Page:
8It's still "confinement" so "jail" is a good shorthand. Would "Level 3 containment field" be better ?!– MikeWNov 10, 2016 at 10:58
5The term comes from FreeBSD jails. Jails is built on chroot. Jails was intended to solve the security problems
chrootdoesn't. For this reason people often mix up
jailsto mean the same thing. They don't. The term "jail" is said to be coined by Bill Cheswick when he set up a honeypot to catch a cracker: csrc.nist.gov/publications/secpubs/berferd.pdf Jun 13, 2017 at 19:03
So do you thing, isn't using
chroot jaila good idea in my case? Mar 12, 2018 at 10:07
Basically you are just changing the root directory of your environment. So
/some-jail/ (or whatever directory you want)
When an application accesses / they'll get /some-jail/. Also the application can't break out of /some-jail/ so you know it won't access anything else on your machine. Its a very simple way of saying 'hey you can only access these things that I am giving you, and you can't access anything else on the system.
"When and why might I use it ?"
One use is in testing scripts (boot time and otherwise) that make absolute path references, or that run commands that you might want to intercept and log (and perhaps no-op them) - in an environment where you would not want those commands to actually operate on your running environment.
For example I have an embedded device running Linux, I would like to check the operation of some bash without a) running it on the real device (since I have better tools on my desktop and do not want to brick the device) b) running it for real on my desktop (since I don't want my desktop system messed up)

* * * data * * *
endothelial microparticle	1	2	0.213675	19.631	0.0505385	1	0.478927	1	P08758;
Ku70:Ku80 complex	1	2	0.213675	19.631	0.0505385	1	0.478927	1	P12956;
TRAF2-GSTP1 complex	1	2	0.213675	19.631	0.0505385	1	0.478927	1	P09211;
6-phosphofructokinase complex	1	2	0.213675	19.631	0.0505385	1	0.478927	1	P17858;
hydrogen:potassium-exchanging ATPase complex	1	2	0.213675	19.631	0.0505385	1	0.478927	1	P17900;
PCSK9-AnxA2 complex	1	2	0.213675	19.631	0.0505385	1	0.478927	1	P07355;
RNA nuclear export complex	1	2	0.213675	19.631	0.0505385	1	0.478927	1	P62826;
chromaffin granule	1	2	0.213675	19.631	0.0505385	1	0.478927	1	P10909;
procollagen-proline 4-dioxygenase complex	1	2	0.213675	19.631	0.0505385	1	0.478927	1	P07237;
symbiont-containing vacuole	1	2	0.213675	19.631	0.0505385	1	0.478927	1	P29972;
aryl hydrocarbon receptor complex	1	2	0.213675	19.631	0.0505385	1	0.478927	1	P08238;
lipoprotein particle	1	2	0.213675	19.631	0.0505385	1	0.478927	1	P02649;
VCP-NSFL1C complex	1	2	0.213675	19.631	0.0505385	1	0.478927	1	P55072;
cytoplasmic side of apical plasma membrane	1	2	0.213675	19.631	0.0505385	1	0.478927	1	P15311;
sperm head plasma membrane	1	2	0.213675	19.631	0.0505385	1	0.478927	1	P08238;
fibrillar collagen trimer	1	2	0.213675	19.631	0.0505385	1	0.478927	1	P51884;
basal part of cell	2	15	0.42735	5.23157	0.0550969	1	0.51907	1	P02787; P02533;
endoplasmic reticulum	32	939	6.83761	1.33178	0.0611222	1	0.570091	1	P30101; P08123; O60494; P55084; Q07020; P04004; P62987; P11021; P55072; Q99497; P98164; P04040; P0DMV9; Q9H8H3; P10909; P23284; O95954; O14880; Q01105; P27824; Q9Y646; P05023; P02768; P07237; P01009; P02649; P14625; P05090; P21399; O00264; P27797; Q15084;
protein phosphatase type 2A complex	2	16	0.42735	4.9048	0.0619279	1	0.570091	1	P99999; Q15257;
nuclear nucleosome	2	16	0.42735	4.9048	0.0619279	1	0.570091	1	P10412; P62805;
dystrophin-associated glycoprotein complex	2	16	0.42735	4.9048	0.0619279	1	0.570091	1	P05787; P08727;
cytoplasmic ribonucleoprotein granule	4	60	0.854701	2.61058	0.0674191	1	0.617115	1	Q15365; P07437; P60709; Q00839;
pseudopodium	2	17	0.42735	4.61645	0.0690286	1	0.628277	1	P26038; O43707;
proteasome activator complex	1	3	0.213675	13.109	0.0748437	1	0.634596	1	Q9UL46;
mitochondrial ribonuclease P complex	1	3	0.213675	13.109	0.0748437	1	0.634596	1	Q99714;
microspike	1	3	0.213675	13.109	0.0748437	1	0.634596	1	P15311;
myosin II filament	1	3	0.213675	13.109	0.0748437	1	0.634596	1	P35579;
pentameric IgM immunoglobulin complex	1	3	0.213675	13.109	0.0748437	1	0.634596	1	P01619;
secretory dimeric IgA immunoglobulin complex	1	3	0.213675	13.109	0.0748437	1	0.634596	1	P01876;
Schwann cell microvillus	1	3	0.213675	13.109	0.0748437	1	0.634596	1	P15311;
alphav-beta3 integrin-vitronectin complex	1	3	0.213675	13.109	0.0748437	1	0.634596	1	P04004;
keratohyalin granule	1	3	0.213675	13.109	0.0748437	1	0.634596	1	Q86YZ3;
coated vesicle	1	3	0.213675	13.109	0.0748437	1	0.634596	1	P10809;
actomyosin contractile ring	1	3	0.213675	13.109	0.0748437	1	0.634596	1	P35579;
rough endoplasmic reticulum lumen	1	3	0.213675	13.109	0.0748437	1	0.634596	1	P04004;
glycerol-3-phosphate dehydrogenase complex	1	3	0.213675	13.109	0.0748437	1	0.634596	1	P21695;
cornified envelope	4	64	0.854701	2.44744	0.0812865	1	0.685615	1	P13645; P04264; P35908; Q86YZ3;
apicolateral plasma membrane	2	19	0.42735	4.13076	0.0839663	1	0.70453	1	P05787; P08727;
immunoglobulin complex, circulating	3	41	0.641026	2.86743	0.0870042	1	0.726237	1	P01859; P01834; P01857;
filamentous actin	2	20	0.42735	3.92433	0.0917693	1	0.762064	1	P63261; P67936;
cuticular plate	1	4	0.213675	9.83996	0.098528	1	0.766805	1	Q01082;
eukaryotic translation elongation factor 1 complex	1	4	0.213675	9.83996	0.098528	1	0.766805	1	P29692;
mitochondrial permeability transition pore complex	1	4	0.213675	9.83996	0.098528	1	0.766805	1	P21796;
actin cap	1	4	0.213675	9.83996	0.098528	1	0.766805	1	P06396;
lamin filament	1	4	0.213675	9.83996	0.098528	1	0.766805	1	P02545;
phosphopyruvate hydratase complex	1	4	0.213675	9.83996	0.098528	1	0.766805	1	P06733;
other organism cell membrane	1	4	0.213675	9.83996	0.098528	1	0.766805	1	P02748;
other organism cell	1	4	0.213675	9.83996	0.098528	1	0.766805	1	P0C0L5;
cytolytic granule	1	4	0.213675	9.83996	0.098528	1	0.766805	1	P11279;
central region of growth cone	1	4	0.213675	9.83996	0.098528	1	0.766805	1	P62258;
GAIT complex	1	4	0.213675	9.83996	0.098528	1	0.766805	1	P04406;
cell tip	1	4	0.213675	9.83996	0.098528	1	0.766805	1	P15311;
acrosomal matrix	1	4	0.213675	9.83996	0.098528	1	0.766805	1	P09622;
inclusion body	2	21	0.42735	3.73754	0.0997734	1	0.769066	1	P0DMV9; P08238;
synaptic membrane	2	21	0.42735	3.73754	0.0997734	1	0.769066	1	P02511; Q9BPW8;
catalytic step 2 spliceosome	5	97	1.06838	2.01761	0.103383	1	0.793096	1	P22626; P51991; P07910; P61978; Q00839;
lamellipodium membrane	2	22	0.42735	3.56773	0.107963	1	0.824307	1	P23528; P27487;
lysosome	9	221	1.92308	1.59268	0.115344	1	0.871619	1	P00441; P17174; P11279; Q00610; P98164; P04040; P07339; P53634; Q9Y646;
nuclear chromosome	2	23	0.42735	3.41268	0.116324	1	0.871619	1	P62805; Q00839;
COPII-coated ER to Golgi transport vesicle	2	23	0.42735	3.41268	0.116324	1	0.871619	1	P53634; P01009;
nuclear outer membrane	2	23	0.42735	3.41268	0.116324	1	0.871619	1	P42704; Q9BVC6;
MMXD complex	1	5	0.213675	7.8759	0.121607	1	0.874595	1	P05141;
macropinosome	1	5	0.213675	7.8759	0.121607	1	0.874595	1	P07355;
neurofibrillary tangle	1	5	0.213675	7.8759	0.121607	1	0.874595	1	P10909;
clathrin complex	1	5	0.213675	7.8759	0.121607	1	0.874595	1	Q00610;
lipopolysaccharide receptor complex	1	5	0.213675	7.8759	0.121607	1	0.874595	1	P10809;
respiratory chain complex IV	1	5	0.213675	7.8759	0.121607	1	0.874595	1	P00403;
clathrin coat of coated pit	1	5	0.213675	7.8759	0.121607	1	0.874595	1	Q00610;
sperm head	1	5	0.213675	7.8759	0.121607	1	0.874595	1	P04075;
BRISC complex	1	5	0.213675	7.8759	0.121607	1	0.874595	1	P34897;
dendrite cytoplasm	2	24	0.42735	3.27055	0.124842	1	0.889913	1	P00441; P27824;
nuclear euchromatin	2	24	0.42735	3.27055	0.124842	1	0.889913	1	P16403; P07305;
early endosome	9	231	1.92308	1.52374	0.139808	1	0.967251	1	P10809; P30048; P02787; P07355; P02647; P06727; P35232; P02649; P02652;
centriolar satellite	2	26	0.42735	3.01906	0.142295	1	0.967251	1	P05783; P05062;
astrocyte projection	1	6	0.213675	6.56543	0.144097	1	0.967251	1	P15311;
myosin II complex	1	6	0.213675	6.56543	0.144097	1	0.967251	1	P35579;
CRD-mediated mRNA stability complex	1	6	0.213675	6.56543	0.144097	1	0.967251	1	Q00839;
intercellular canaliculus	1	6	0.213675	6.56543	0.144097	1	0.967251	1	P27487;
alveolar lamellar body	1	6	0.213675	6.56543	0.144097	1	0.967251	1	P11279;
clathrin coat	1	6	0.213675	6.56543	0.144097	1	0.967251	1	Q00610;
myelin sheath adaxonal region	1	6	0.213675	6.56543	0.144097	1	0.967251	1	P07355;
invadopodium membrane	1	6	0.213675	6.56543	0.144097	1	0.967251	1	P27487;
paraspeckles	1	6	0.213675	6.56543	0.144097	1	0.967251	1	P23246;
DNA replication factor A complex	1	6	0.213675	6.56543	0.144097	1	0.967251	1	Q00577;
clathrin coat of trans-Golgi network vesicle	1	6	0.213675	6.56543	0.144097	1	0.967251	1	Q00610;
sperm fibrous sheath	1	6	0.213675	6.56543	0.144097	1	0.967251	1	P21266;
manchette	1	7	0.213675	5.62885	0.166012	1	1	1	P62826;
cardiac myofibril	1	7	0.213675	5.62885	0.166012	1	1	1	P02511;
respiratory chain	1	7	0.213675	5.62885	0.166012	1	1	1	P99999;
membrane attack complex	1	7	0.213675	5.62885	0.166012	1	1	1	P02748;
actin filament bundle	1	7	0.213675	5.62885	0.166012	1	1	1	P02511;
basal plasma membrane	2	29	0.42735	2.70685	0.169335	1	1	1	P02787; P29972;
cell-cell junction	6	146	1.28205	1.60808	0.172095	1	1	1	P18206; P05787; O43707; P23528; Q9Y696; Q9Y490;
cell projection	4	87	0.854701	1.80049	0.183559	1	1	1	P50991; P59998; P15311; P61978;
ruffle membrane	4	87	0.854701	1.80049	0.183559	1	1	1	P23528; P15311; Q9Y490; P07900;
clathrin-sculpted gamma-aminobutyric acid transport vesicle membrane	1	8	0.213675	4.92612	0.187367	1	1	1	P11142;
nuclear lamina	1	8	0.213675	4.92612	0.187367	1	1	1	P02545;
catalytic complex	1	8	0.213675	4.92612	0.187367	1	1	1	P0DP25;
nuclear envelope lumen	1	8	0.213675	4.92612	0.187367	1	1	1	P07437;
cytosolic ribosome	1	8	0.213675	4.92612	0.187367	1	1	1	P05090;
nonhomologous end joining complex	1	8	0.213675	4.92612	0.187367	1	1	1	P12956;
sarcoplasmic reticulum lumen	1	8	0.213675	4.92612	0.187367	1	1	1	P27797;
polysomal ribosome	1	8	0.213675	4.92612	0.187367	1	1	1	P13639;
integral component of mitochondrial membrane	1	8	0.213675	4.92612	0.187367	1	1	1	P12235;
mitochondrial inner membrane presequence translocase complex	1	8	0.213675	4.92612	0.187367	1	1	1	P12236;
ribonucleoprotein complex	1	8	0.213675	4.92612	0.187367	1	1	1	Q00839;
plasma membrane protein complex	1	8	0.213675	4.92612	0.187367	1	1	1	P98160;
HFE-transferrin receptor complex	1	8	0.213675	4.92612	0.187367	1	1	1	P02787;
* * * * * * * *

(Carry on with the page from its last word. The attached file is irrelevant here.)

Additionally, you can then discover which commands or other script files are used since the run will exit with an error whenever it attempts to run a command or shell script that is not present in the "chroot jail".
(Of course, to go the whole hog, you could run inside QEMU or Docker, or a VM, but that would involve creating a VM image etc. - much more work)
chroot is easily understood as a more modern term virtual environment. The process gets a new, virtual, root directory to establish path visibility. This is mainly a convenient and simple way to control what files and libraries can be referenced by the process. It is very helpful for isolating from things that might have different versions available on the actual file system.
You can also think of it as a kind of filter on what is visible in the file system.
It is important to also consider changing the current working directory after chroot to avoid an unexpected view of the file system.
One thing that is misleading is the term jail. Historically there has been use of chroot to simulate what FreeBSD calls a jail others might call a sandbox. To do that requires also self reducing the privileges of the process. Not a great security model.
A common use case is in compiling software that needs to reference a specific toolchain or set of libraries and files and tools that are a subset of what the system actually has.